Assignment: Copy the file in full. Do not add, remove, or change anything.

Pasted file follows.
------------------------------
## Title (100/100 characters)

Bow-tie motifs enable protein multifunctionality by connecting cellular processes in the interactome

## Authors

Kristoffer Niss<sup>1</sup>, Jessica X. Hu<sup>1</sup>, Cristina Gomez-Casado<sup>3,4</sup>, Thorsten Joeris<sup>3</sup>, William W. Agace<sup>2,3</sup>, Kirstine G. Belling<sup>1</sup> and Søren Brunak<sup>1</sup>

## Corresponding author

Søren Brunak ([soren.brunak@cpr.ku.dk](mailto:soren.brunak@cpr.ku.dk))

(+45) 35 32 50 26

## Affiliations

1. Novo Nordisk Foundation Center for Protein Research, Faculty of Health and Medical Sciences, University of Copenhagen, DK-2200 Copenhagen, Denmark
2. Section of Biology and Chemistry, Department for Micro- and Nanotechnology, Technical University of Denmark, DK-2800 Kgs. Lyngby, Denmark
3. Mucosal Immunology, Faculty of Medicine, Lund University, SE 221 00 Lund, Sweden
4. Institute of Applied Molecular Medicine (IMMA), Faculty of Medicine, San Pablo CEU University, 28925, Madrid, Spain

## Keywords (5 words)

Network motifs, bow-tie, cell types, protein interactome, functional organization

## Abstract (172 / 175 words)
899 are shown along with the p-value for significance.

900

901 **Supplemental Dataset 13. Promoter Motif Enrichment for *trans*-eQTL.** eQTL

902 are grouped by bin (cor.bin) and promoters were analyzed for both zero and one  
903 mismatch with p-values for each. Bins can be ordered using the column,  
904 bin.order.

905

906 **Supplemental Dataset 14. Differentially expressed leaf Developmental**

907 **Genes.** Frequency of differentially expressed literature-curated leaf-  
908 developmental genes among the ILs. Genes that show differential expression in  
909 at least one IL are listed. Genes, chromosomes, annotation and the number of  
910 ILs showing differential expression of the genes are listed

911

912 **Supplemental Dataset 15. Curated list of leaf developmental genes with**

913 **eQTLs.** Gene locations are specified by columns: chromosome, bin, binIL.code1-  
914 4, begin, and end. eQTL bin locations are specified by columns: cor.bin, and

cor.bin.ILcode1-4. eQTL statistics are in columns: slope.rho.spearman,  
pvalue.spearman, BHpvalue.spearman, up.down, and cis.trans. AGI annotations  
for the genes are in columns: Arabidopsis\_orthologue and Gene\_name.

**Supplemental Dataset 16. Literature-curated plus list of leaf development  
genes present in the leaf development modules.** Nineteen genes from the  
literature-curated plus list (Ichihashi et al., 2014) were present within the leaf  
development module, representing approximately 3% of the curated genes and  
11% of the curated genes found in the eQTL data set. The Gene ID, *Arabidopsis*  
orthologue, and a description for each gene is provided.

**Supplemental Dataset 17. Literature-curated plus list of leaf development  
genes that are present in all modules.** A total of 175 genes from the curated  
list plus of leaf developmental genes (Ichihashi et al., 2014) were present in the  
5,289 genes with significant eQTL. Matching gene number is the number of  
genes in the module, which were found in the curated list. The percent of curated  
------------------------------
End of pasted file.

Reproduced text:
## Title (100/100 characters)

Bow-tie motifs enable protein multifunctionality by connecting cellular processes in the interactome

## Authors

Kristoffer Niss<sup>1</sup>, Jessica X. Hu<sup>1</sup>, Cristina Gomez-Casado<sup>3,4</sup>, Thorsten Joeris<sup>3</sup>, William W. Agace<sup>2,3</sup>, Kirstine G. Belling<sup>1</sup> and Søren Brunak<sup>1</sup>

## Corresponding author

Søren Brunak ([soren.brunak@cpr.ku.dk](mailto:soren.brunak@cpr.ku.dk))

(+45) 35 32 50 26

## Affiliations

1. Novo Nordisk Foundation Center for Protein Research, Faculty of Health and Medical Sciences, University of Copenhagen, DK-2200 Copenhagen, Denmark
2. Section of Biology and Chemistry, Department for Micro- and Nanotechnology, Technical University of Denmark, DK-2800 Kgs. Lyngby, Denmark
3. Mucosal Immunology, Faculty of Medicine, Lund University, SE 221 00 Lund, Sweden
4. Institute of Applied Molecular Medicine (IMMA), Faculty of Medicine, San Pablo CEU University, 28925, Madrid, Spain

## Keywords (5 words)

Network motifs, bow-tie, cell types, protein interactome, functional organization

## Abstract (172 / 175 words)
899 are shown along with the p-value for significance.

900

901 **Supplemental Dataset 13. Promoter Motif Enrichment for *trans*-eQTL.** eQTL

902 are grouped by bin (cor.bin) and promoters were analyzed for both zero and one  
903 mismatch with p-values for each. Bins can be ordered using the column,  
904 bin.order.

905

906 **Supplemental Dataset 14. Differentially expressed leaf Developmental**

907 **Genes.** Frequency of differentially expressed literature-curated leaf-  
908 developmental genes among the ILs. Genes that show differential expression in  
909 at least one IL are listed. Genes, chromosomes, annotation and the number of  
910 ILs showing differential expression of the genes are listed

911

912 **Supplemental Dataset 15. Curated list of leaf developmental genes with**

913 **eQTLs.** Gene locations are specified by columns: chromosome, bin, binIL.code1-  
914 4, begin, and end. eQTL bin locations are specified by columns: cor.bin, and

cor.bin.ILcode1-4. eQTL statistics are in columns: slope.rho.spearman,  
pvalue.spearman, BHpvalue.spearman, up.down, and cis.trans. AGI annotations  
for the genes are in columns: Arabidopsis\_orthologue and Gene\_name.

**Supplemental Dataset 16. Literature-curated plus list of leaf development  
genes present in the leaf development modules.** Nineteen genes from the  
literature-curated plus list (Ichihashi et al., 2014) were present within the leaf  
development module, representing approximately 3% of the curated genes and  
11% of the curated genes found in the eQTL data set. The Gene ID, *Arabidopsis*  
orthologue, and a description for each gene is provided.

**Supplemental Dataset 17. Literature-curated plus list of leaf development  
genes that are present in all modules.** A total of 175 genes from the curated  
list plus of leaf developmental genes (Ichihashi et al., 2014) were present in the  
5,289 genes with significant eQTL. Matching gene number is the number of  
genes in the module, which were found in the curated list. The percent of curated  